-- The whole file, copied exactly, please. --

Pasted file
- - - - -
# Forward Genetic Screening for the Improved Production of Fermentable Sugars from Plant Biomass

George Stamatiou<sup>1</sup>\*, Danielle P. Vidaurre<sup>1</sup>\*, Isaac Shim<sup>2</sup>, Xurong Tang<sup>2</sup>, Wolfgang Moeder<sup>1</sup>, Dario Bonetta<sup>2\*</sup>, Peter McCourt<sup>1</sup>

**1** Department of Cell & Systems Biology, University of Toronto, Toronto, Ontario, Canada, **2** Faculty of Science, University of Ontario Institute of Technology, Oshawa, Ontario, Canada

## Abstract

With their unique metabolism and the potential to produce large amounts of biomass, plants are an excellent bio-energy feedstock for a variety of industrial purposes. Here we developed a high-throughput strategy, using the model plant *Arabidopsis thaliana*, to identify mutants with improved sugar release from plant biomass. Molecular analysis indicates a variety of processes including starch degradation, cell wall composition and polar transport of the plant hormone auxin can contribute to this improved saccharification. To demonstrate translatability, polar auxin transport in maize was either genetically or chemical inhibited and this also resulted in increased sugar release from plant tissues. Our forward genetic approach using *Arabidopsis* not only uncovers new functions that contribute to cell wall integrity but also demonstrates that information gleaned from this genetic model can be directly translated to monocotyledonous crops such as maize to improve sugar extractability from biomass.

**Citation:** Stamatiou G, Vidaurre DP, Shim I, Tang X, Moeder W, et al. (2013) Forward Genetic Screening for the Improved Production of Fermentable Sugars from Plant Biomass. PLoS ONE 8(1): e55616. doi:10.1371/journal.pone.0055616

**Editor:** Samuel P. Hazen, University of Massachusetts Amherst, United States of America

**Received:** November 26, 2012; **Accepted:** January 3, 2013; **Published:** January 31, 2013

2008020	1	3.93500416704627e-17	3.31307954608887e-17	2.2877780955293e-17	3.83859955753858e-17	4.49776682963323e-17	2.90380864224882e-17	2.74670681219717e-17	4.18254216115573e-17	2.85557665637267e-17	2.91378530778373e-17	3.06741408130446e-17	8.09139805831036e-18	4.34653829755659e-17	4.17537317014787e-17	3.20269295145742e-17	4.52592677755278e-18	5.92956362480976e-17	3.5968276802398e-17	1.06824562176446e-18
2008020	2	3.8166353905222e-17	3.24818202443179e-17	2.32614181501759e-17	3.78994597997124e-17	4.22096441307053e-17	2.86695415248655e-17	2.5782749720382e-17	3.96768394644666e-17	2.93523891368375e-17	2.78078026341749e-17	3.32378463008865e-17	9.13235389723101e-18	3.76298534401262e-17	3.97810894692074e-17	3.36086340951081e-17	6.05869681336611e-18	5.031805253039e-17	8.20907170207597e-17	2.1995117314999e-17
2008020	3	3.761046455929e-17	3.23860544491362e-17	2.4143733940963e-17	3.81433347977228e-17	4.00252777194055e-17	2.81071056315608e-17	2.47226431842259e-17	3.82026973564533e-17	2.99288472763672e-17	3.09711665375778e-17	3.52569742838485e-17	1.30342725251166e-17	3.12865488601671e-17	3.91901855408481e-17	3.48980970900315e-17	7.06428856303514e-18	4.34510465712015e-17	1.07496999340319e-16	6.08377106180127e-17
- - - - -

# Forward Genetic Screening for the Improved Production of Fermentable Sugars from Plant Biomass

George Stamatiou<sup>1</sup>\*, Danielle P. Vidaurre<sup>1</sup>\*, Isaac Shim<sup>2</sup>, Xurong Tang<sup>2</sup>, Wolfgang Moeder<sup>1</sup>, Dario Bonetta<sup>2\*</sup>, Peter McCourt<sup>1</sup>

**1** Department of Cell & Systems Biology, University of Toronto, Toronto, Ontario, Canada, **2** Faculty of Science, University of Ontario Institute of Technology, Oshawa, Ontario, Canada

## Abstract

With their unique metabolism and the potential to produce large amounts of biomass, plants are an excellent bio-energy feedstock for a variety of industrial purposes. Here we developed a high-throughput strategy, using the model plant *Arabidopsis thaliana*, to identify mutants with improved sugar release from plant biomass. Molecular analysis indicates a variety of processes including starch degradation, cell wall composition and polar transport of the plant hormone auxin can contribute to this improved saccharification. To demonstrate translatability, polar auxin transport in maize was either genetically or chemical inhibited and this also resulted in increased sugar release from plant tissues. Our forward genetic approach using *Arabidopsis* not only uncovers new functions that contribute to cell wall integrity but also demonstrates that information gleaned from this genetic model can be directly translated to monocotyledonous crops such as maize to improve sugar extractability from biomass.

**Citation:** Stamatiou G, Vidaurre DP, Shim I, Tang X, Moeder W, et al. (2013) Forward Genetic Screening for the Improved Production of Fermentable Sugars from Plant Biomass. PLoS ONE 8(1): e55616. doi:10.1371/journal.pone.0055616

**Editor:** Samuel P. Hazen, University of Massachusetts Amherst, United States of America

**Received:** November 26, 2012; **Accepted:** January 3, 2013; **Published:** January 31, 2013

2008020	1	3.93500416704627e-17	3.31307954608887e-17	2.2877780955293e-17	3.83859955753858e-17	4.49776682963323e-17	2.90380864224882e-17	2.74670681219717e-17	4.18254216115573e-17	2.85557665637267e-17	2.91378530778373e-17	3.06741408130446e-17	8.09139805831036e-18	4.34653829755659e-17	4.17537317014787e-17	3.20269295145742e-17	4.52592677755278e-18	5.92956362480976e-17	3.5968276802398e-17	1.06824562176446e-18
2008020	2	3.8166353905222e-17	3.24818202443179e-17	2.32614181501759e-17	3.78994597997124e-17	4.22096441307053e-17	2.86695415248655e-17	2.5782749720382e-17	3.96768394644666e-17	2.93523891368375e-17	2.78078026341749e-17	3.32378463008865e-17	9.13235389723101e-18	3.76298534401262e-17	3.97810894692074e-17	3.36086340951081e-17	6.05869681336611e-18	5.031805253039e-17	8.20907170207597e-17	2.1995117314999e-17
2008020	3	3.761046455929e-17	3.23860544491362e-17	2.4143733940963e-17	3.81433347977228e-17	4.00252777194055e-17	2.81071056315608e-17	2.47226431842259e-17	3.82026973564533e-17	2.99288472763672e-17	3.09711665375778e-17	3.52569742838485e-17	1.30342725251166e-17	3.12865488601671e-17	3.91901855408481e-17	3.48980970900315e-17	7.06428856303514e-18	4.34510465712015e-17	1.07496999340319e-16	6.08377106180127e-17